I have no fear of depths and a great fear of shallow living." ~ Anais Nin
Legend has it that mermaids could change the mighty course of nature but were forbidden to do so by Neptune, the stern, watchful god of the sea. One dark, storm-ravaged night, with sails ripping and masts cracking, a schooner fought to find safety in Friendly Cove off Nootka Island in the San Juans.
The ship was familiar to the mermaid who swam along its side since she had weathered many crossings with the ship and its captain. As the ship heeled in the violent wind, the captain lost his hold on the wheel, tumbling perilously close to the raging sea.
In an instant, the mermaid calmed the wind and tamed the waves, changing the course of nature and saving the life of a man she had grown to love from afar. For her impetuous act, Neptune banished the sobbing mermaid to the oceans depths, condemning her for eternity never to surface or swim with the ships again. To this day, her gleaming tears wash up on the beaches as sea glass . . . crystalline treasures in magic sea colors, an eternal reminder of true love.
Alas, the tale of sea glass is far more appealing than broken shards of glass that have been ravaged by water and time! Sea glass is actually from salt water, and beach glass is from fresh water. Sea glass has a natural frosted appearance because of the weathering process whereas beach glass has a different ph balance and it less frosted.
Although one can buy this glass, Catherine roams the local beaches searching for treasures. One has to remember that the ocean used to be where waterfront communities worldwide would discard their trash because the water carried it away. According to history, landfills were a health hazard because they were filled with vermin that carried dangerous diseases like the Plague. The world was a much larger place in those days and the population was much smaller. It just made good sense at the time, and this practice is still followed in many third world countries.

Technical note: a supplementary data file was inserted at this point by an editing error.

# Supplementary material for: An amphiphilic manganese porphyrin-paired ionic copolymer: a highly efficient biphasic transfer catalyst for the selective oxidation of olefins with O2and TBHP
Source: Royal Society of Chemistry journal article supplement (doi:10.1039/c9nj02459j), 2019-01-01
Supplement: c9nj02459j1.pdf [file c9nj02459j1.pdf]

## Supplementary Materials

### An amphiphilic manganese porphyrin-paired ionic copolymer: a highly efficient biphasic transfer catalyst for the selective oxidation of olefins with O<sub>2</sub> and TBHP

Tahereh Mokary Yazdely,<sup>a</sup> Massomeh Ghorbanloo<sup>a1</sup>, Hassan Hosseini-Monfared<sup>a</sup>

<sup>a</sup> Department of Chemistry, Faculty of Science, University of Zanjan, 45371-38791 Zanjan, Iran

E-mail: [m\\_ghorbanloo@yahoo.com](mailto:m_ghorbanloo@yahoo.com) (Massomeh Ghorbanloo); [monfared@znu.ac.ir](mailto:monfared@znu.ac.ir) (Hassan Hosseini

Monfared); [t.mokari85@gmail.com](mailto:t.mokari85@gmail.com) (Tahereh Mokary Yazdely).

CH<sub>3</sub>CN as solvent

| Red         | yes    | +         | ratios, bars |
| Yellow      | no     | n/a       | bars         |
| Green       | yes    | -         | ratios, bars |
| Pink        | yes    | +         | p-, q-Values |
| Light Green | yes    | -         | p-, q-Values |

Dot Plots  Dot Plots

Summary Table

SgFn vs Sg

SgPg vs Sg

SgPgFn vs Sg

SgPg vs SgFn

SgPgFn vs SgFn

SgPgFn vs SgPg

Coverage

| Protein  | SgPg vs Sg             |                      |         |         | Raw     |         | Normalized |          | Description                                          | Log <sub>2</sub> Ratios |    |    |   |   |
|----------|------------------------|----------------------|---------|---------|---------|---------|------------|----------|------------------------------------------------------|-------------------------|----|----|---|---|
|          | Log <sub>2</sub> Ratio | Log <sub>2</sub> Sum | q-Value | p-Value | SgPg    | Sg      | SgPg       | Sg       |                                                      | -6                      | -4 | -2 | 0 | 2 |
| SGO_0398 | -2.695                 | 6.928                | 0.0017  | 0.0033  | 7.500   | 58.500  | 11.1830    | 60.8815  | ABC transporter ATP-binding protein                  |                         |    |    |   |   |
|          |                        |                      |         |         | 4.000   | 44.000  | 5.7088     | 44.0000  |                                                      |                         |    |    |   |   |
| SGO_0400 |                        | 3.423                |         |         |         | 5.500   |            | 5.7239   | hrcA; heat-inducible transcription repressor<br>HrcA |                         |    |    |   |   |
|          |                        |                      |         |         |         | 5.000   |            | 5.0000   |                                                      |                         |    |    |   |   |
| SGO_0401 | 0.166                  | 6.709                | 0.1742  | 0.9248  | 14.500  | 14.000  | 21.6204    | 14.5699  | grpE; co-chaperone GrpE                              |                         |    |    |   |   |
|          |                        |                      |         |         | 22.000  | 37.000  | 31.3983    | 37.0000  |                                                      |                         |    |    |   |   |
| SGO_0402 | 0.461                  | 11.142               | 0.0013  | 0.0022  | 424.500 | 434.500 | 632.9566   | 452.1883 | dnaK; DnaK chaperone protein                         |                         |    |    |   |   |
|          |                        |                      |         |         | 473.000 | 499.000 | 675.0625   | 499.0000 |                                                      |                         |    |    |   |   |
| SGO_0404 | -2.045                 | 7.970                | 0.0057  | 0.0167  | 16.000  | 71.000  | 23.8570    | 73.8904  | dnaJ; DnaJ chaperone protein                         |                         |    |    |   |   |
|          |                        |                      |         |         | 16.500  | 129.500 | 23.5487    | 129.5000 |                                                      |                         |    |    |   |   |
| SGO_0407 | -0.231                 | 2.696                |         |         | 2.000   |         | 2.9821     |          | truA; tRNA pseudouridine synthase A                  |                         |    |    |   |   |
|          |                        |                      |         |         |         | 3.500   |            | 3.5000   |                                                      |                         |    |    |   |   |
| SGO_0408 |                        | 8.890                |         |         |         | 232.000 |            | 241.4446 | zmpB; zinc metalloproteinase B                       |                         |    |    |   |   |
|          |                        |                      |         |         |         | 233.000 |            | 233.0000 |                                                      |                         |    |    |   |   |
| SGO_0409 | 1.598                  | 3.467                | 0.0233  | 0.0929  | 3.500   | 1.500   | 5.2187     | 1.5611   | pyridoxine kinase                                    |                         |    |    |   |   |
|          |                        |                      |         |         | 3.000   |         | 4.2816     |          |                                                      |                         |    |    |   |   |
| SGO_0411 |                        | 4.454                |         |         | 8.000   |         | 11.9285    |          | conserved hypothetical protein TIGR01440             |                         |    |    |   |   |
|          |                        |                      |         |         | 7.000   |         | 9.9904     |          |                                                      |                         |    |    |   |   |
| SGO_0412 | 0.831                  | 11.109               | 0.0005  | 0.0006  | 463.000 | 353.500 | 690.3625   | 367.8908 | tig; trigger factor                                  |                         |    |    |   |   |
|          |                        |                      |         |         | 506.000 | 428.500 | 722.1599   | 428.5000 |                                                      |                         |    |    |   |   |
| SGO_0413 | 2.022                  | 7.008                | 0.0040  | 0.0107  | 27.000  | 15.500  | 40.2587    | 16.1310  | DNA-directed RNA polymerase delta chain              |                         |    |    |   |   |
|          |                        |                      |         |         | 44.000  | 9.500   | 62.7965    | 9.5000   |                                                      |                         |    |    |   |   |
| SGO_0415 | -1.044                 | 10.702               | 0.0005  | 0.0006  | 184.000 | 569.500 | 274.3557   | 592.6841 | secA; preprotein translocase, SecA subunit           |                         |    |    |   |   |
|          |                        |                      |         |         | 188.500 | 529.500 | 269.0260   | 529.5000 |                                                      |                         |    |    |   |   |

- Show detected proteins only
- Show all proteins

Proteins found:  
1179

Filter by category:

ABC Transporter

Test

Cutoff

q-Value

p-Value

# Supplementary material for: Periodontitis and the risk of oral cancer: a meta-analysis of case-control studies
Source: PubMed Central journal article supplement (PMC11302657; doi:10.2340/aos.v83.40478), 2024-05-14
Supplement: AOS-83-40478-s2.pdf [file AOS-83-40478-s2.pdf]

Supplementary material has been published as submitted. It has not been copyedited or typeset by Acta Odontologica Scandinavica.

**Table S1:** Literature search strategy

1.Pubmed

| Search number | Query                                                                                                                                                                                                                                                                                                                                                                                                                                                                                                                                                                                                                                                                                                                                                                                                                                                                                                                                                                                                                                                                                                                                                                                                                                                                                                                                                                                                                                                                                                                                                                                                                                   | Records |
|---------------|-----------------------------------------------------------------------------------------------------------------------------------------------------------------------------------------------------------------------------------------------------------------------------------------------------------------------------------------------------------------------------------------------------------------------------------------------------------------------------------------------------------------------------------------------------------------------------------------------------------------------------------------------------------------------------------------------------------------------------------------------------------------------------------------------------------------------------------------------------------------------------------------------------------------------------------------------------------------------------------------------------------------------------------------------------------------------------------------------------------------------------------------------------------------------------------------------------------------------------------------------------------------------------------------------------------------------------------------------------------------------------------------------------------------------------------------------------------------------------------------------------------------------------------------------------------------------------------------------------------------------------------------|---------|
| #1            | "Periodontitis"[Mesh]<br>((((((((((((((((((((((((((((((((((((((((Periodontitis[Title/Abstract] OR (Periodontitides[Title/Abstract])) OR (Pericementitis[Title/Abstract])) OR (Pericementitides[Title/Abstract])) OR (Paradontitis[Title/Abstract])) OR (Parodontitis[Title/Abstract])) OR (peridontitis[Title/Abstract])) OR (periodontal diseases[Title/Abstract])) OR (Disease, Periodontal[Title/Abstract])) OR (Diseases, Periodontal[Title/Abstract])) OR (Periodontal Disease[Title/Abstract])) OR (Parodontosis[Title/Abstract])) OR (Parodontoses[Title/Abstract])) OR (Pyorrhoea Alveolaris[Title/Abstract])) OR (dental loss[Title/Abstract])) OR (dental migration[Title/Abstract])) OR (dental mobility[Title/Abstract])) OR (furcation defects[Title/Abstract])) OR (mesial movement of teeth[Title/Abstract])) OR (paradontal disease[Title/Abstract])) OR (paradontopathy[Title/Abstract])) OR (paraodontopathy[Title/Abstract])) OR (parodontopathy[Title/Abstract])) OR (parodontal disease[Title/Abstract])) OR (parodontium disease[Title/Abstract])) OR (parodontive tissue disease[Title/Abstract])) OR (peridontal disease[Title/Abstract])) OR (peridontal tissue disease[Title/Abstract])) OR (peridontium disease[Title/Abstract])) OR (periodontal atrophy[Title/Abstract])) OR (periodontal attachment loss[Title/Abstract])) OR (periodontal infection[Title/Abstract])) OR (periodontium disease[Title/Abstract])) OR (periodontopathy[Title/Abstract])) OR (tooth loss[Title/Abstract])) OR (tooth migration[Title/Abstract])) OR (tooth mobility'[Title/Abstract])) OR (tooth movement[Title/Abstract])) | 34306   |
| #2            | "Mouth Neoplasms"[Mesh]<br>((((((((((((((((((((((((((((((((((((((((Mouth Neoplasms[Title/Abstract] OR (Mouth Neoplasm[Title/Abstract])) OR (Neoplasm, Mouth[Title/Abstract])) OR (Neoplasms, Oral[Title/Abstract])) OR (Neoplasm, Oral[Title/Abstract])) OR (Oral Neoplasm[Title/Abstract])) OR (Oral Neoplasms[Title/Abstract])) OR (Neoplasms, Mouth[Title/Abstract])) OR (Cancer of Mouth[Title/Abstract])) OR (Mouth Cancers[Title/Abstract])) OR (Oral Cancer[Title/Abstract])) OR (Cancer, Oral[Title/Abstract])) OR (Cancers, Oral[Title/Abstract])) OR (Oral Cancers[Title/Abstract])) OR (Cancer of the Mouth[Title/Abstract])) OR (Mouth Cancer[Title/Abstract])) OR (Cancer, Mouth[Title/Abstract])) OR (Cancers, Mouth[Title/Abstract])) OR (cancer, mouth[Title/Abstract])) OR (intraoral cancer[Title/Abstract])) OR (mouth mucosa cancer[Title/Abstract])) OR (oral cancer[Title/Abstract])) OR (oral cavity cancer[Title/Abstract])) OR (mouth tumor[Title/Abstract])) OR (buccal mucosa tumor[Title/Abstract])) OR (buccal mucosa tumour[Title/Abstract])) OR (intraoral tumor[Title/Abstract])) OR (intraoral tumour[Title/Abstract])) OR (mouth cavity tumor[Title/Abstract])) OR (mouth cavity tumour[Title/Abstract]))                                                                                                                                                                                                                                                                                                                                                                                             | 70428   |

It is fascinating when you learn about the different colors. Cobalt is the "sapphire" of the beach and came from apothecary bottles such as Milk of Magnesia, Vick's Vapo Rub, Noxema, Nivea, and Bromo Seltzer. Red is rare. It would trace its roots to tail lights on old cars or lantern lenses. Anchor Hocking made Schlitz Beer bottles in ruby in the 1950s.
Pinks, purples, and pale colors came from perfume bottles or art glass. Some lavender glass was clear glass that was clarified with magnesium (lavender) or selenium (pink). Glass is clarified because the sand from which glass is made is actually amber. Green, brown, aqua glass shards come from beer, soda, or clorox bottles.
The pits in the surface of the glass, giving it its soft feel, come from a process called "hydration", where the soda and lime used in making the glass is leached out of the glass, leaving the small pits. The soda and lime also often react with minerals in the sea water, forming new mineral deposits on the surface that give the glass a "sparkling" appearance.